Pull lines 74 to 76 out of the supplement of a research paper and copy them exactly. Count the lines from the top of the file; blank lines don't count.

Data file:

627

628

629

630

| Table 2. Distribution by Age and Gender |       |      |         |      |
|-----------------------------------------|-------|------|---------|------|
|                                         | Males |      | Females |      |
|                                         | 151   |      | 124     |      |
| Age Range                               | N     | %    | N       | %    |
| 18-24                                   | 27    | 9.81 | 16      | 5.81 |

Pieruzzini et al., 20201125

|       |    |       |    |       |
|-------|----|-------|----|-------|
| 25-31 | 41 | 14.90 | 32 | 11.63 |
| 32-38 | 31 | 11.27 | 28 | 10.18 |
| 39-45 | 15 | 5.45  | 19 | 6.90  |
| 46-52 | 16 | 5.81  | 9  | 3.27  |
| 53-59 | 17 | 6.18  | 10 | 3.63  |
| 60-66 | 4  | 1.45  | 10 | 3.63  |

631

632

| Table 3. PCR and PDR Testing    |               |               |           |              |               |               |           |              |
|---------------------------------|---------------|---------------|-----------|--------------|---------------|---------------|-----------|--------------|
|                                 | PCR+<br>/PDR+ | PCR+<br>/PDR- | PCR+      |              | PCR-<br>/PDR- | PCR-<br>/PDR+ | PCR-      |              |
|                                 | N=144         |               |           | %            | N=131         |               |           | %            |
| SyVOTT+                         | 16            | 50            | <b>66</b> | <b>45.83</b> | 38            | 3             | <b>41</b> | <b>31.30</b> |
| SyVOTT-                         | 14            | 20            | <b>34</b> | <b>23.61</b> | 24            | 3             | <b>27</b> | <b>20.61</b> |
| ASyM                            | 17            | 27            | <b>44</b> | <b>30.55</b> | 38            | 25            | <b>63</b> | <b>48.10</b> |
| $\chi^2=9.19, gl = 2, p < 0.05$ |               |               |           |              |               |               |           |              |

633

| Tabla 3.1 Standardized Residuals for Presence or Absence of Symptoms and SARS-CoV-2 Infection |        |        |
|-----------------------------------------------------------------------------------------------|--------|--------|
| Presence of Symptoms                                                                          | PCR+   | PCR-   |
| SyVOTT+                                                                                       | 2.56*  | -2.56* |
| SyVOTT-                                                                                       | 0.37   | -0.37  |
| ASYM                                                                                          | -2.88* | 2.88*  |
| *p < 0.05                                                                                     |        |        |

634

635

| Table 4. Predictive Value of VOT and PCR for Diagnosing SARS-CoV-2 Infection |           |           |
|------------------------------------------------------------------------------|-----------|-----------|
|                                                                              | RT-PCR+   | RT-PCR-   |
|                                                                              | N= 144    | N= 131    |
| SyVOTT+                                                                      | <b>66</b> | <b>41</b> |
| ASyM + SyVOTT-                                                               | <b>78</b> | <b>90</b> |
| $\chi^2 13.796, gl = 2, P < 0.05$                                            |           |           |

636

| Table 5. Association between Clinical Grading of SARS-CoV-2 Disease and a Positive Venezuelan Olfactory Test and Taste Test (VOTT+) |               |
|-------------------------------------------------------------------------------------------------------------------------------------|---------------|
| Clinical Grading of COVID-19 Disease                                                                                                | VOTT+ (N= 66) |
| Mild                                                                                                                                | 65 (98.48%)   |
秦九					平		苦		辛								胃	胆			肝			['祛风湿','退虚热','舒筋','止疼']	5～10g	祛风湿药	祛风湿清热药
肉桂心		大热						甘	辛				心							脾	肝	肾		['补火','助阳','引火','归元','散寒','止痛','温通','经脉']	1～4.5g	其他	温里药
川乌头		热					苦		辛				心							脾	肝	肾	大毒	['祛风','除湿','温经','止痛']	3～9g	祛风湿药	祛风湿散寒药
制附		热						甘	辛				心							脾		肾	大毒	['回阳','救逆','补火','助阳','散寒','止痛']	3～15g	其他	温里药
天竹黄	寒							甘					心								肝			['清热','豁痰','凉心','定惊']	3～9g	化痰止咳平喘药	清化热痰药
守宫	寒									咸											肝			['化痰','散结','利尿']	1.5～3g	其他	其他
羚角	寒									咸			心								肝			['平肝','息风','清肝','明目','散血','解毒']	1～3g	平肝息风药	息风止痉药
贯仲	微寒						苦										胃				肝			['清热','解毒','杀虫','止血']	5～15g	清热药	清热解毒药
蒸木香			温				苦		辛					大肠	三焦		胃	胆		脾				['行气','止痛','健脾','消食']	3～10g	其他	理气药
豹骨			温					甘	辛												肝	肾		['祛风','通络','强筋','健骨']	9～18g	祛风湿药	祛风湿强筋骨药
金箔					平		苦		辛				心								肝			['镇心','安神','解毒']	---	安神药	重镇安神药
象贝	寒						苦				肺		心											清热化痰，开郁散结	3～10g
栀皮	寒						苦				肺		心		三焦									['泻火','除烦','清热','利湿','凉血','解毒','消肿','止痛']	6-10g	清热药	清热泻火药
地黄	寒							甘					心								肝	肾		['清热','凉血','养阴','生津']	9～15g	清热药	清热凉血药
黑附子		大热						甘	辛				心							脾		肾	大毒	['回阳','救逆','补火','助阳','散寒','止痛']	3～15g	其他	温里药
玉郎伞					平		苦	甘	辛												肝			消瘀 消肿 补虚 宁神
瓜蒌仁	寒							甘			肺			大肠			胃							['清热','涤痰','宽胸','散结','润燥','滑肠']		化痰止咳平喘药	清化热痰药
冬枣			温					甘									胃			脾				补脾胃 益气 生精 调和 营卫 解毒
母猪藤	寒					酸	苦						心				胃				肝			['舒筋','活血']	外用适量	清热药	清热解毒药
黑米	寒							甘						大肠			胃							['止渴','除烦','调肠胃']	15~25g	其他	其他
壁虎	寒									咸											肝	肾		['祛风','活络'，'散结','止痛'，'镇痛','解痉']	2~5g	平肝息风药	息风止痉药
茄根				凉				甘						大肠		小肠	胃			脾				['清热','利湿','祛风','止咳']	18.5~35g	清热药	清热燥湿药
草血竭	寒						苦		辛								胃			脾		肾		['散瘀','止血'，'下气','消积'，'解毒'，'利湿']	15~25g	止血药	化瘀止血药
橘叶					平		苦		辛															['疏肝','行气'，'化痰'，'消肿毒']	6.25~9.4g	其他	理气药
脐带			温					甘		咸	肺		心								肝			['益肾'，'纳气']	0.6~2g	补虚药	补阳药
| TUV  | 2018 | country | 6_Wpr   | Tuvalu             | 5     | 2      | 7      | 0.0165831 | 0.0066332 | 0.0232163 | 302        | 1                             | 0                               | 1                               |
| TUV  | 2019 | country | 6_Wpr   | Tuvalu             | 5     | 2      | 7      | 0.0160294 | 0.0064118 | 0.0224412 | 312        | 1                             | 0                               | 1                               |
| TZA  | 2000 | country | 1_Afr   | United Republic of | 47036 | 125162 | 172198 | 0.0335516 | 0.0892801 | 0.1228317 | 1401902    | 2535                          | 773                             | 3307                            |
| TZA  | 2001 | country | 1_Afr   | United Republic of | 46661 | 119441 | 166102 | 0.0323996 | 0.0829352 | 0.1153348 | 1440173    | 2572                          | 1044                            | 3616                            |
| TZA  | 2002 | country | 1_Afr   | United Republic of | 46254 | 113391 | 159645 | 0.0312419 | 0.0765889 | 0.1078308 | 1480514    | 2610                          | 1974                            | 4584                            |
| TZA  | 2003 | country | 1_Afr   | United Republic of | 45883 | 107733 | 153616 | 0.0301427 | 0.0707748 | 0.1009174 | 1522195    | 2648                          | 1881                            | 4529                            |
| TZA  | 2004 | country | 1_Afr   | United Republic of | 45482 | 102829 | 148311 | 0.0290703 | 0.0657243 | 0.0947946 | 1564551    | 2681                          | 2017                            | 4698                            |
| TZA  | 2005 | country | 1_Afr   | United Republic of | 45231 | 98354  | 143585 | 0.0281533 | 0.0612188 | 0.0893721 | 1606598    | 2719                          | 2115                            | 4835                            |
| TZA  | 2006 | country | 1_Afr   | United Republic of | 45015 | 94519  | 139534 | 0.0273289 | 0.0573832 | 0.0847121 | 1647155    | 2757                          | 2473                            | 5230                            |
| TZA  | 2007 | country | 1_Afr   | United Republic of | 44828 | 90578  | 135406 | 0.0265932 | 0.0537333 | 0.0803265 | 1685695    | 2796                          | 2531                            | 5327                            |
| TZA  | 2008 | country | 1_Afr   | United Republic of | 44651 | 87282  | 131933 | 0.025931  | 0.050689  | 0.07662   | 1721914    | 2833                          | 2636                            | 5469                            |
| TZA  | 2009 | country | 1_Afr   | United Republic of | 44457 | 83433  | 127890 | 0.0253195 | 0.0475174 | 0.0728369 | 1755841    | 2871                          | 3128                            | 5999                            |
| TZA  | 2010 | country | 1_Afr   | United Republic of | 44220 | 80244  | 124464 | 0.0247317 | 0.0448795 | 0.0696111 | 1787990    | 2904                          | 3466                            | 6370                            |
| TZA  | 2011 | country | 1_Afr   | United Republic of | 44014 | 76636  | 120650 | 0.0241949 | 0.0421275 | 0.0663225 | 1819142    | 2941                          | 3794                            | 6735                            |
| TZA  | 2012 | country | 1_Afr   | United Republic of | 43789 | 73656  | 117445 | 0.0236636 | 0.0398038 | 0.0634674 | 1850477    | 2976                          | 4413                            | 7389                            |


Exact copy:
草血竭	寒						苦		辛								胃			脾		肾		['散瘀','止血'，'下气','消积'，'解毒'，'利湿']	15~25g	止血药	化瘀止血药
橘叶					平		苦		辛															['疏肝','行气'，'化痰'，'消肿毒']	6.25~9.4g	其他	理气药
脐带			温					甘		咸	肺		心								肝			['益肾'，'纳气']	0.6~2g	补虚药	补阳药